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COVID-19

COVID-19 Update – Risk for Kidney Cancer Patients

COVID-19 Update – Risk for Kidney Cancer Patients

According to our latest survey, 70 percent of patients believe they are at high risk for COVID-19. This page is designed to address some of the most frequently asked questions we have received about Kidney Cancer Patient Risks for COVID-19.

Does my kidney cancer treatment increase my risk of acquiring COVID-19? Should I stop treatment?

Many of the current resources available for cancer patients provide general information for patients being treated with cytotoxic chemotherapy, drugs that can weaken the immune system. Unlike other cancers, chemotherapy is rarely used for RCC. None of the approved treatments for RCC are chemotherapeutic drugs.

Treatments for kidney cancer include targeted agents, including: Sutent, Cabometyx, Inlyta, Votrient, and Lenvima and immunotherapy treatments, including: Opdivo, Opdivo+Yervoy and Keytruda. Increased risk of viral infections is not generally associated with these treatments.

Guidance from the American Society of Clinical Oncologists (ASCO), does not recommend routinely withholding cancer treatment as a result of the COVID-19 outbreak. You and your doctor should discuss the balance of potential harms from delaying or interrupting your cancer treatment versus the potential benefits of possibly preventing or delaying COVID-19 infection.

While kidney cancer treatment might not result in increased risk, patients who have metastatic cancer in their body may be at higher risk of developing complications from COVID-19. It is recommended that all patients receiving treatment for advanced kidney cancer take extra precautions to avoid risk of exposure to COVID-19.

Does having one kidney mean that I am at higher risk of acquiring COVID-19 or having complications from COVID-19?

If you have one kidney (or lost part of a kidney due to a partial nephrectomy) but are otherwise healthy, then your risk of acquiring COVID-19 would likely be similar to someone with two kidneys.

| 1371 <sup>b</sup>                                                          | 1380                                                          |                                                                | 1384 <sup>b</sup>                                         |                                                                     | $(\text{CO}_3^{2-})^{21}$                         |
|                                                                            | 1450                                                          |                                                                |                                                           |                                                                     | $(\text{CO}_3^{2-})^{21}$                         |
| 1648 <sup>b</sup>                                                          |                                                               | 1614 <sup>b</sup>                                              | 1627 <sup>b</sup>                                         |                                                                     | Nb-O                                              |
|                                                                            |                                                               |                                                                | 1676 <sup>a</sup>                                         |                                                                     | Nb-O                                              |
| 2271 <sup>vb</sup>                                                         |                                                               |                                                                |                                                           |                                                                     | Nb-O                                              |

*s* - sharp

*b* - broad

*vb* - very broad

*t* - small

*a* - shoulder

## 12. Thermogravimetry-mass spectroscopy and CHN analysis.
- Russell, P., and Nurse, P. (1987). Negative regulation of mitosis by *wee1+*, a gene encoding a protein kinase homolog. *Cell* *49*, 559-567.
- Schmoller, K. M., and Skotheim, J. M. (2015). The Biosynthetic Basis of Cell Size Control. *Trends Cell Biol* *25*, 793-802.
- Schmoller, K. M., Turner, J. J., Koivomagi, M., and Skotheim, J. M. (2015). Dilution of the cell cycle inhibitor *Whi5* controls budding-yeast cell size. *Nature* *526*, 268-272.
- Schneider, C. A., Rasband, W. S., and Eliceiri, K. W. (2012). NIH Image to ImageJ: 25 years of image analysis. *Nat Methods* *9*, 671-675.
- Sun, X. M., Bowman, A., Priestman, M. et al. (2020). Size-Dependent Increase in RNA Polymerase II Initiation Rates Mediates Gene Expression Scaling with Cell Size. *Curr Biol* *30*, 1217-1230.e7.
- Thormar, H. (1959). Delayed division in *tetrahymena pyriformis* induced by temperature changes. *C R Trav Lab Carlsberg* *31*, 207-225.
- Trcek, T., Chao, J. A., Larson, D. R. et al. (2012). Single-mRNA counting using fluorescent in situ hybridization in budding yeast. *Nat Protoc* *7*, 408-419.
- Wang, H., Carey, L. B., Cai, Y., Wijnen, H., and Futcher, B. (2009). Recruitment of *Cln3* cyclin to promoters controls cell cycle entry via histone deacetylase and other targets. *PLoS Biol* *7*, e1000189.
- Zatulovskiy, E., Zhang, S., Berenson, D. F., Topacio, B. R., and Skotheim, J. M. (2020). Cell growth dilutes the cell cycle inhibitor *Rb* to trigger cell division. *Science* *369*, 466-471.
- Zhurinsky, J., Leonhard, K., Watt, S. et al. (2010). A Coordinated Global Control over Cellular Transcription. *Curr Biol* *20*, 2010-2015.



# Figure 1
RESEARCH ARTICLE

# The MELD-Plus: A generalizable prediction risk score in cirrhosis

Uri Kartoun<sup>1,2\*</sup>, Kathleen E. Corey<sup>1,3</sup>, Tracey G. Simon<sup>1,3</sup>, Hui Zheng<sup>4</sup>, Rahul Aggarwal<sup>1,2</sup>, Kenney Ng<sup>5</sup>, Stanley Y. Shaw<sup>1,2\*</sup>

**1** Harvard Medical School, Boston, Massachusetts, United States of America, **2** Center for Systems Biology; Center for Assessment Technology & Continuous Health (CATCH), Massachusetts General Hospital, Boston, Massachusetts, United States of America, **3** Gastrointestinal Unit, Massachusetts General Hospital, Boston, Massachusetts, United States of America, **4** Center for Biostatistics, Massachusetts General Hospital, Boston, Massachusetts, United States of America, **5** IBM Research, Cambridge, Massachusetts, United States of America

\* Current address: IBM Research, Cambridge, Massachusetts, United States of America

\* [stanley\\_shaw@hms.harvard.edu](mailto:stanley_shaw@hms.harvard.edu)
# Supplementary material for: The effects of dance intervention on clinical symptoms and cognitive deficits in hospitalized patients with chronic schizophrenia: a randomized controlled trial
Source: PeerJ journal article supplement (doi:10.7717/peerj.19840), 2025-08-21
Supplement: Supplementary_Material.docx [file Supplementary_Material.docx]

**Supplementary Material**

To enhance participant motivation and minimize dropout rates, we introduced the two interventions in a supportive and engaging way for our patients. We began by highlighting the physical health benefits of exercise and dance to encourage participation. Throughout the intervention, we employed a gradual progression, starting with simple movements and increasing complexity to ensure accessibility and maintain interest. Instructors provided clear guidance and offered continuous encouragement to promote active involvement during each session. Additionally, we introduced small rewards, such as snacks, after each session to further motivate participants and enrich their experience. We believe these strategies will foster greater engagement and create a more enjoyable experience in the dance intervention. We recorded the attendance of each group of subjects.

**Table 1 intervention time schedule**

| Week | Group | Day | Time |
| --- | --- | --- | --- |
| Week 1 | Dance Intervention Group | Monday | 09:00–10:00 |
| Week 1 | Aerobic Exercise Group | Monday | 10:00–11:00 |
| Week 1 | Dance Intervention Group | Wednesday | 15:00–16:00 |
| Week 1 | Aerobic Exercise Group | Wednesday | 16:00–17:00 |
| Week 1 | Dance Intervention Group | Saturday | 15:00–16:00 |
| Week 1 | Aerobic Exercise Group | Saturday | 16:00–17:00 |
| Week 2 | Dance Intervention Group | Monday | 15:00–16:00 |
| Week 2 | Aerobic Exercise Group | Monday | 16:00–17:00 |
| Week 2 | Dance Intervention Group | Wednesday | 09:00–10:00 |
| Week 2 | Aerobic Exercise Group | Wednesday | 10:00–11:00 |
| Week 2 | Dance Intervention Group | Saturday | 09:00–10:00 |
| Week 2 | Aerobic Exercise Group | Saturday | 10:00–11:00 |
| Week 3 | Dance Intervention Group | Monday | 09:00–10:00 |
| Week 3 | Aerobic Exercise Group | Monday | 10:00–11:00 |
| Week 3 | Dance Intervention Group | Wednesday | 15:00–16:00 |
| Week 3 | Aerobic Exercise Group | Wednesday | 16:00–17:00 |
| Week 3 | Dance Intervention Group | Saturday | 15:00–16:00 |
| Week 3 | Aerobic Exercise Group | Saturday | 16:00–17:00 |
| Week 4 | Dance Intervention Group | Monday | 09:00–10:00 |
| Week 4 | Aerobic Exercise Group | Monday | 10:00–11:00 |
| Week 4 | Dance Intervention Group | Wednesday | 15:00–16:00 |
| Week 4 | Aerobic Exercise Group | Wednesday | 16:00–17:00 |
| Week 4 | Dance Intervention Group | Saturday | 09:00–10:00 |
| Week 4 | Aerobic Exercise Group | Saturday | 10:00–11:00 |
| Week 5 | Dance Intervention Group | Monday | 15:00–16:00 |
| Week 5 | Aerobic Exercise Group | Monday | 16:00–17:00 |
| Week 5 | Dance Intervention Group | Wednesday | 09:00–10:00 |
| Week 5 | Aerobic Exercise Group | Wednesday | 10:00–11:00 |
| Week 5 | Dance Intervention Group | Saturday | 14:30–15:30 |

Every situation is unique, and many factors can result in increased risk. You should consult with your health care provider for information about your individual risk.

You may have seen information about the risk of COVID-19 for patients with chronic kidney disease (CKD). Most patients with kidney cancer do not have chronic kidney disease (CKD). If you have chronic kidney disease (CKD), you can find more information about your risk of COVID-19 here.

Does COVID-19 attack the kidneys?

Most people infected with COVID-19 have mild to moderate symptoms. In those patients, there is no evidence showing that COVID-19 adversely affects the kidneys. A small proportion of patients with COVID-19 develop severe infection and require hospitalization. According to the International Society of Nephrology, in these hospitalized patients, a small proportion (15 percent) developed a decline in filtration function of the kidneys.

COVID-19 is a new virus and doctors still are learning about how it impacts individuals. The long-term health effect of kidney injury on survivors of COVID-19 infection is not known.

What can I do to reduce my risk?

Reducing touch-points, including hospital visits and in-person appointments, can help reduce exposure and free up health care resources for emergency situations.

The federal government, as well as many state governments, have changed rules and eased restrictions on tele-health appointments. Ask your doctor what options are available for you to avoid in-person appointments.

Here are some additional suggestions to reduce touch-points that patients might want to consider discussing with their doctor. 

Newly diagnosed patients with asymptomatic localized renal masses Discuss with your doctor the risks vs. benefits of delaying surgery for 1-2 months
Patients with localized disease who are getting structured surveillance Discuss with your doctor the risks vs. benefits of delaying scans for 1-2 months.
Newly diagnosed patients with intermediate/high risk metastatic kidney cancer Discuss the risks vs. benefits of beginning infusion therapy immediately; ask about oral treatment options. 
Patients with metastatic disease receiving infusion therapy If receiving maintenance bi-weekly nivolumab (Opdivo), discuss moving to monthly infusions; Discuss the risks vs. benefits of treatment pauses for your individual case. 

 

Be sure to check back for additional updates as more information becomes available.

Please note: The material on this site is for informational purposes only and is not a substitute for professional medical advice, diagnosis or treatment for a specific medical condition. You should not use information on this website to diagnose or treat a health problem or disease and should consult with a qualified healthcare provider with any questions or concerns you may have regarding your condition.

 

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